Doing research for the 2010 Dishonest Reporter awards had me going back on a year´s worth of blogging. With the benefit of hindsight, I looked at posts in terms of the issues and angles I raised (and didn´t) and the way I expressed myself (memo to me: use more first-person).
So I had to switch gears mentally when a long-time reader asked about my personal favorite posts. Off the top of my head, here they are in no particular order:
• Little Girl Asks Big Question
While taking my kids to school the day after Yom HaZikaron, the remembrance day for fallen soldiers, my daughter asked if there was going to be a war during the summer. I found myself answering her at a bus stop across the street from — of all places — the Mt. Herzl military cemetery.
It's one thing to blog these kinds of questions, but responding to an eight year-old girl is completely different. Sharing the experience online required a different, more personal kind of writing, and the timing made it especially appropo.
• "Complaints From Both Sides" Is No Rationalization for Lousy BBC Coverage
This was the best example of why I hate to write, but love having written. When BBC Director-General Mark Thompson rationalized the Beeb's lousy coverage by saying they get complaints from Jews and Palestinians, I couldn't let the fallacy of the comment pass.
I spent 45 minutes on the phone with HonestReporting's founding editor, Shraga Simmons making sure my logic was airtight. The resulting was a broader, more rewarding post than I anticipated, and the effort was worth it.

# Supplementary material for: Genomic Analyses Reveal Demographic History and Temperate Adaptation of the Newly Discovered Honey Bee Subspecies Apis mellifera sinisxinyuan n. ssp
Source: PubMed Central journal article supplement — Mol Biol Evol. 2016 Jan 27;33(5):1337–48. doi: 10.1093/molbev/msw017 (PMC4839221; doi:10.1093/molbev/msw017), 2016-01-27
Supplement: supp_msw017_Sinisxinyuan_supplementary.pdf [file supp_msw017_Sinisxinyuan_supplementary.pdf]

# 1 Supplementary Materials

• Dead Photojournalist Waiting to Happen
August's Lebanese border skirmish had me pumped for photo bias, and this post came after burning the midnight oil for a Case Study in Reuters Photography. The very next day, I spotted this Reuters photo. Karamallah Daher's access to the front from the Lebanese side was good — too good. It's a wonder Daher wasn't mistaken for a sniper. This could've been her last photograph.
The image speaks volumes about the thin line Israeli soldiers walk trying to discern — in split seconds — between journalists and legitimate threats. In contrast to the lengthy case study, this post was remarkably brief, and I'm gratified that it was Backspin's most-read item.
• Tel Aviv and AFP's Lousy "Synecdoche"
It gets my goat when journalists refer to Tel Aviv as Israel's capital, instead of Jerusalem in an indirect way like this AFP example:
The deterioration of diplomatic relations between Britain and Israel comes as historically strong US-Israeli ties are under strain over Tel Aviv's plans to build new settlements.
Learning of the grammatical concept of "synecdoche" helped me crack the subtle bias and articulate why the Tel Aviv reference was inappropriate.
It's a little geeky, but it's an example of the kinds of things you can learn from blogging.